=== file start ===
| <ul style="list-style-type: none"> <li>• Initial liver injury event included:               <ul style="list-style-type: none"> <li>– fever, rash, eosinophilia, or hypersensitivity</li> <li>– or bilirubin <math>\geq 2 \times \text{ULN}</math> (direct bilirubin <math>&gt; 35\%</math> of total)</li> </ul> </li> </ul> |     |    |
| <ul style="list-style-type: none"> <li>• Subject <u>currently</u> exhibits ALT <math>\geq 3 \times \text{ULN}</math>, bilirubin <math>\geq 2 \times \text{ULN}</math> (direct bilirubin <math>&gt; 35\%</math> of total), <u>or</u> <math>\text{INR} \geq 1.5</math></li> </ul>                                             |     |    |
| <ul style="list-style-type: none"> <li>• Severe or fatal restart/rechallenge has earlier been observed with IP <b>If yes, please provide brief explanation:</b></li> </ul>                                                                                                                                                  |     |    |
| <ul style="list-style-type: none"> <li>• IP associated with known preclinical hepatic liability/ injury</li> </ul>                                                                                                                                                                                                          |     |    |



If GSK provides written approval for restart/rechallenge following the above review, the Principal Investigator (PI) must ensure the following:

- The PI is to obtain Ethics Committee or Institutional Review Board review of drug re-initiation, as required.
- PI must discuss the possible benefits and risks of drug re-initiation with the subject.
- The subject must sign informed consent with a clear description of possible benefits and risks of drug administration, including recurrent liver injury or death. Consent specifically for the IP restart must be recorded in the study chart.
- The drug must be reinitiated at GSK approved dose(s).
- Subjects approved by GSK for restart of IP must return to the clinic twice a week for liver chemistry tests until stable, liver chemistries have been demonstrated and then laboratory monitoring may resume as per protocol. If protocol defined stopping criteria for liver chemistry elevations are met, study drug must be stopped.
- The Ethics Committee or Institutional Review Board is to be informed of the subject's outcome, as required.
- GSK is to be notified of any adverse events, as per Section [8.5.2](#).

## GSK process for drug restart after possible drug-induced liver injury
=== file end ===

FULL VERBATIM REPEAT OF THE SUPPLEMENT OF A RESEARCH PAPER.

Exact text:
| <ul style="list-style-type: none"> <li>• Initial liver injury event included:               <ul style="list-style-type: none"> <li>– fever, rash, eosinophilia, or hypersensitivity</li> <li>– or bilirubin <math>\geq 2 \times \text{ULN}</math> (direct bilirubin <math>&gt; 35\%</math> of total)</li> </ul> </li> </ul> |     |    |
| <ul style="list-style-type: none"> <li>• Subject <u>currently</u> exhibits ALT <math>\geq 3 \times \text{ULN}</math>, bilirubin <math>\geq 2 \times \text{ULN}</math> (direct bilirubin <math>&gt; 35\%</math> of total), <u>or</u> <math>\text{INR} \geq 1.5</math></li> </ul>                                             |     |    |
| <ul style="list-style-type: none"> <li>• Severe or fatal restart/rechallenge has earlier been observed with IP <b>If yes, please provide brief explanation:</b></li> </ul>                                                                                                                                                  |     |    |
| <ul style="list-style-type: none"> <li>• IP associated with known preclinical hepatic liability/ injury</li> </ul>                                                                                                                                                                                                          |     |    |



If GSK provides written approval for restart/rechallenge following the above review, the Principal Investigator (PI) must ensure the following:

- The PI is to obtain Ethics Committee or Institutional Review Board review of drug re-initiation, as required.
- PI must discuss the possible benefits and risks of drug re-initiation with the subject.
- The subject must sign informed consent with a clear description of possible benefits and risks of drug administration, including recurrent liver injury or death. Consent specifically for the IP restart must be recorded in the study chart.
- The drug must be reinitiated at GSK approved dose(s).
- Subjects approved by GSK for restart of IP must return to the clinic twice a week for liver chemistry tests until stable, liver chemistries have been demonstrated and then laboratory monitoring may resume as per protocol. If protocol defined stopping criteria for liver chemistry elevations are met, study drug must be stopped.
- The Ethics Committee or Institutional Review Board is to be informed of the subject's outcome, as required.
- GSK is to be notified of any adverse events, as per Section [8.5.2](#).

## GSK process for drug restart after possible drug-induced liver injury